Tug of Roles or Who is the Bigger Philanthropist?

3, 4, 5

This lesson will emphasize how business and government define philanthropy within their organizations. This will explain the effects on citizens.

Lesson Rating 
PrintTwo Forty-Five Minute Class Periods

The learner will

  • describe the types of philanthropy in business and government.
  • give examples of how the philanthropy of businesses and government enhance citizens.
  • Sample Letter to Invite Speakers( Attachment One)
  • Sample Thank You Letter to Speakers (Attachment Two)
  • Notes on Business/Government Philanthropy Speaker (Attachment Four)
  • Excerpt from A City Where Business and Philanthropy Flourish (Attachment Three)
  • Chinese jump rope
  • Chart paper / markers
  • Regular jump rope
  • Articles from periodicals, newspapers, or magazines (see Attachment Three for sample of type you will need to secure)
  • Word Cards attached to string (Business, Government, Philanthropy)
Home Connection 

Prior to the visitation, students are to research the business/governmental agency for information about their philanthropic activities. Prepare a list of questions to ask the speakers.

  • Barone, Michael. "A City Where Business and Philanthropy Flourish," The American Enterprise, September/October, 1998.


  1. Anticipatory Set:Ask: What is tug of war? Are there any rules that need to be obeyed? How is a winner determined?

    Teacher note: Secure two or three speakers at least five weeks prior to teaching this lesson. Business speakers may include an automotive company community outreach representative, a local pharmacy, a McDonald's manager, etc. Government sources could include representatives from city government, the postal service, etc. Sample Letter to Invite Speakers (see Attachment One) and Sample Thank You Letter to Speakers (see Attachment Two) have been included for your use. About one week before this lesson is started, contact your speaker to confirm the appointment. Solicit two or three student volunteers to make a certificate of appreciation for each speaker.


    Day One

  2. Give the word cards entitled business and government to two students. Ask the students to hang the card around their neck, then take sides opposite one another. Take out the jump rope with a loop tied at each end. Only one finger can be used through the loop. Allow 20 seconds for a tug of war game. Explain to the students that this is like the competition for their resources, their time, talents, and treasure. Businesses claim resources through the market place, government through taxes and fees.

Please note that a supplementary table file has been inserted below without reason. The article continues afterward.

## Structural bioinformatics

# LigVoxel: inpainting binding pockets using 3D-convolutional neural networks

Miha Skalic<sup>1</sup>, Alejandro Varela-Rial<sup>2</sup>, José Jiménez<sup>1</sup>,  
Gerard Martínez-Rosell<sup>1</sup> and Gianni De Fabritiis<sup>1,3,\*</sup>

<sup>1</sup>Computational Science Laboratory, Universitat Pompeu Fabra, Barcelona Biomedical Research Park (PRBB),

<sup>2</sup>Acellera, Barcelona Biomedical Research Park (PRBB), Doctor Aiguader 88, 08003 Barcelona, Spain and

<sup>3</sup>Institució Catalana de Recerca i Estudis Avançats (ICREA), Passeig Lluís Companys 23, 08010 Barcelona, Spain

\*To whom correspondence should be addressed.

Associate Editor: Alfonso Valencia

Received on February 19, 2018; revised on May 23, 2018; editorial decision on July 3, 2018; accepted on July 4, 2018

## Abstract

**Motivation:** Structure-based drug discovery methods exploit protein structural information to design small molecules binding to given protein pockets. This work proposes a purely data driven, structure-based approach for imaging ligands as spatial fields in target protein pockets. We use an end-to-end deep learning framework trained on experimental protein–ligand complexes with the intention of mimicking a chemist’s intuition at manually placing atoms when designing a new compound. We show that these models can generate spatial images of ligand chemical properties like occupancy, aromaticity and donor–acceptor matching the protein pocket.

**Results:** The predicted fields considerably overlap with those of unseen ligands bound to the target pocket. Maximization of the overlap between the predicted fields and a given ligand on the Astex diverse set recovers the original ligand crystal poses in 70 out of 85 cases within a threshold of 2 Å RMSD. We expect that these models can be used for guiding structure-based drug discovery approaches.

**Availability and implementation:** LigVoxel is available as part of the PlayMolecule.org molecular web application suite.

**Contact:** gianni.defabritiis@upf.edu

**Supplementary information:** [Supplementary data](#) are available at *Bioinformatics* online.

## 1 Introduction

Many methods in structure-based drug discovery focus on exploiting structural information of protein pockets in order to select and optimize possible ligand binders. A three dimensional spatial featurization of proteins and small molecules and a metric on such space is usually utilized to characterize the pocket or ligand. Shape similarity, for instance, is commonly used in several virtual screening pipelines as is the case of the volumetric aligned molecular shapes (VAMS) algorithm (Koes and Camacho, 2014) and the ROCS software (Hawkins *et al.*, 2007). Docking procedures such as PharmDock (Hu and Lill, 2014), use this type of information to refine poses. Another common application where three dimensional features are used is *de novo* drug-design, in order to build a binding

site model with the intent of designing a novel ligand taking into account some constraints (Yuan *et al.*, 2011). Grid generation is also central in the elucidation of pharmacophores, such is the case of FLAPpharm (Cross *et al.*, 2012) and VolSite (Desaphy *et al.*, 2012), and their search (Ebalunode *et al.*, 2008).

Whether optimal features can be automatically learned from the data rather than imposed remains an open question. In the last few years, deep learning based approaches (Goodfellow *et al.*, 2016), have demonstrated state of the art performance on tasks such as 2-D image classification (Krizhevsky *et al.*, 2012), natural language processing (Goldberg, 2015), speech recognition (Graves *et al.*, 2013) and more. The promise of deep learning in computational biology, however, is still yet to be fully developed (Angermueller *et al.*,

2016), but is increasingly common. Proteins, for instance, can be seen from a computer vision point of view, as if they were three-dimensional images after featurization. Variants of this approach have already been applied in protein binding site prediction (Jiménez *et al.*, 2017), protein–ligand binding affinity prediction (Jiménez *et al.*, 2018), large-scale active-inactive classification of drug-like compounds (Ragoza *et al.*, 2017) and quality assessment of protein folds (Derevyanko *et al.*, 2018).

3. Now play a variation of the game tug of war. Pass out the card labeled philanthropy to another student. Ask what it means. Define it as "the giving of time, talent and treasure for the common good." Arrange the three students so that they are standing in three areas to resemble a triangle. Replace the jump rope with the Chinese jump rope (this can be a piece of rope with the ends tied together). Explain that during this game, only one finger can be used to grip the rope. Allow 20 seconds. Ask the students to explain what they noticed happened when the third person was added to the game. What could have been done? Record responses.

  4. Put the words self interest, compromise, negotiation, and competition on the board. Working in groups of three or four, ask students to define each term. Solicit definitions and write the clearest definition of each on the board.

  5. Explain that in society there are many forms of competition that occur when people want something that promotes their own interests. Philanthropy is the giving of one's time, talent, or treasure. In business and government, there is competition for each of these.

  6. Ask:

    • How do we satisfy each and keep everything equal?
    • Who should receive most of the time, talent, or treasure?
    • Should one group receive more than the other should? Why or why not?
  7. Give the studentschart paper and markers for groups to record their responses to the questions. Allow ten minutes for students to discuss these questions in their groups. Discuss as a whole group the responses of how students have decided how to give of their treasures. Students should explain that each group is able to access our time, talents and treasures equally but for different purposes and actions.

  8. Day Two

  9. Distribute Notes on Business/Government Philanthropy Speaker (see Attachment Four) to students prior to the speaker(s) coming to the classroom. Tell students that the form(s) should be turned in at the end of the presentation(s).

  10. Allow each speaker 15 minutes to make a presentation. Encourage students to ask questions after each speaker to further understanding.

  11. After the speakers have finished, or the next day, have students discuss what was learned from the speakers. Is philanthropy only in the best interests of the companies/agencies or is it also in the best interests of the consumers/citizens? Why do these companies/agencies make philanthropy a part of their business?


Have students write a letter thanking the speakers for coming to share What Philanthropy Means in their company or agency. To serve as an assessment, the letter should include examples of the company/agency's efforts to promote philanthropy and good citizenship. Write an essay that explains how businesses and government can work together in a philanthropic endeavor and how it affects individuals.

Philanthropy Framework

  1. Strand PHIL.I Definitions of Philanthropy
    1. Standard DP 02. Roles of Government, Business, and Philanthropy
      1. Benchmark E.7 Describe the concept of competing self-interest.
  2. Strand PHIL.II Philanthropy and Civil Society
    1. Standard PCS 07. Skills of Civic Engagement
      1. Benchmark E.2 Discuss an issue affecting the common good in the classroom or school and demonstrate respect and courtesy for differing opinions.